Reviving Agriculture in Nigeria for Successful Export Trading
Nigeria not only has a huge population, but also significant agricultural and forest resources. Its multiple vegetation zones, plentiful rain, surface and underground water, and a moderate climate, allow for the production of diverse food and crops. And the most fascinating aspect is, that over sixty percent of the country’s population is involved in the production of food crops.
The main cash crops are cocoa, cotton, groundnut, oil palm, and rubber. Extractions from these for export and local industrial use include cocoa flour and butter, rubber crumb, vegetable oil, cotton fibre, and yams. The rainforest is exploited for timber and wood products of exotic and common species.
Nevertheless, the agricultural potentials of Nigeria are still barely being tapped into. This explains the inability of the country to meet the ever-increasing demand for agricultural produce. Although the sector remains the dominant employer of labour, more investment is needed across the board to enhance production and to increase the contribution of the sector to the gross domestic product (GDP).
The government has set priority areas of investment, including crop production, food processing and preservation, livestock and fish, agricultural input supplies and machinery, commodity trading and transportation, development and fabrication, and exploitation of timber and wood processing.
The Federal Government has established three multi-commodity development and marketing boards to facilitate marketing, ensure price stability and improve the quality of agricultural produce. These boards are the Nigeria Cocoa Marketing Board, the Nigeria Oil Palm Marketing Board and the Nigeria Cotton Marketing Board. They are responsible for arable crops, tree crops and livestock development, and marketing development, each with a share capital of N500million (approximately US$5million) on behalf of the Nigerian farmers and the private sector generally. These boards will initially take sixty percent of the share capital, while the Federal Government will hold the remaining forty percent in trust, to be down-loaded to the private sector within three to five years.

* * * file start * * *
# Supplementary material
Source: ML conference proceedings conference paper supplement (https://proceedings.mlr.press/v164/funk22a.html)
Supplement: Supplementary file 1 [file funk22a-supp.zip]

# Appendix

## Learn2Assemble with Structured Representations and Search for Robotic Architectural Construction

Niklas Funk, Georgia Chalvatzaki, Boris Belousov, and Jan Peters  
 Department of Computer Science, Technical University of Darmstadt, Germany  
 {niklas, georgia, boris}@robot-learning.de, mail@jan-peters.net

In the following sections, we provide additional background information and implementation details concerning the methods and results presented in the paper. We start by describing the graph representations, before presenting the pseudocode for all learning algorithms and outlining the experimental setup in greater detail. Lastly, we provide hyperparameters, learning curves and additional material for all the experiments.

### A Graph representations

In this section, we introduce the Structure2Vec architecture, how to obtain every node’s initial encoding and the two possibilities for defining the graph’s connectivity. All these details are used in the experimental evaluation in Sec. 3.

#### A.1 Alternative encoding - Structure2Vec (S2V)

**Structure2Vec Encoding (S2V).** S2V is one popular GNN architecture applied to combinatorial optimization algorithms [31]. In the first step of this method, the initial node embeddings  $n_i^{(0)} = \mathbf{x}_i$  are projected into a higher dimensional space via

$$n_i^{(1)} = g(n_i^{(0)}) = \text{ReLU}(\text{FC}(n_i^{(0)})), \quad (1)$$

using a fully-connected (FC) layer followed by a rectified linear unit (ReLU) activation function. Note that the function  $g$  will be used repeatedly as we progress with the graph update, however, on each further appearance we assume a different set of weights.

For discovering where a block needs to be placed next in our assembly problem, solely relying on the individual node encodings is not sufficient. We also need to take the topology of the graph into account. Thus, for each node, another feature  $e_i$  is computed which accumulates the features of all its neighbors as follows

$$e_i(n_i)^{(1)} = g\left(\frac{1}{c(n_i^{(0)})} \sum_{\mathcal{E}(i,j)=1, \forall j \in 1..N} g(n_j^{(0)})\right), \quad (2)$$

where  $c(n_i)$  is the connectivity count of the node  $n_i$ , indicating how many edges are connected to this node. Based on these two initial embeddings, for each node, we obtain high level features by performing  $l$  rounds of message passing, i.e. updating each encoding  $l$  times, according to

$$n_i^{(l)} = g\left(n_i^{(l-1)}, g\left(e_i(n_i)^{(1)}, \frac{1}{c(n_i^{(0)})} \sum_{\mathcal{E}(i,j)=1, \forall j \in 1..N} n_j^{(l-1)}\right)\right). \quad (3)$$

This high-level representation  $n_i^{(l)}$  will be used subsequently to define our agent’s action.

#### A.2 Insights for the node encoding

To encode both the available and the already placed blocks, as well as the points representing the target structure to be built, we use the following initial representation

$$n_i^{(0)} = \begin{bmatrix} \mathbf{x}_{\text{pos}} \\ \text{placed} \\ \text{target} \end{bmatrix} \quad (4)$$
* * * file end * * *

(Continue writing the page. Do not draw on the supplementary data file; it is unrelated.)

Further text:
The Federal Government has, through its agro-industrial policy, set up a regime of fiscal incentives and tariffs. These are designed to improve and expand the domestic production capacities of the various agro-allied industries, to increase the flow of foreign investments into agro-businesses in Nigeria, and to shield existing domestic investment from unfair competition.
These policy strategies show that the procedure for establishing agro-businesses in Nigeria are designed mainly for foreign investors who are interested in establishing agricultural ventures in Nigeria, either alone or in cooperation with local entrepreneurs.
The strategy for production and general handling of commodities must now be export-oriented and commercially interesting, attracting investment, and thereby creating employment opportunities and reducing the level of poverty among Nigerians. The Government has already put in place a National Poverty Eradication Programme (NAPEP).
Generally, with the creation of these three companies, opportunities for the marketing of farm produce will be greatly enhanced. Apart from benefiting Nigeria, this will also facilitate export, even more so with some of the recent developments in the global market.
Ahmad Tanko Aliyu is an intern at M74 from Nigeria. He is a graduate of the Federal University of Technology Minna, where he earned a bachelor’s degree in Quantity Surveying. Ahmad is a cost estimator, real estate consultant, digital marketer, and research enthusiast.
The views expressed above are those of the author and do not reflect the official position of the M74 Group, which remains neutral on all matters. Publishers assume no liability for content.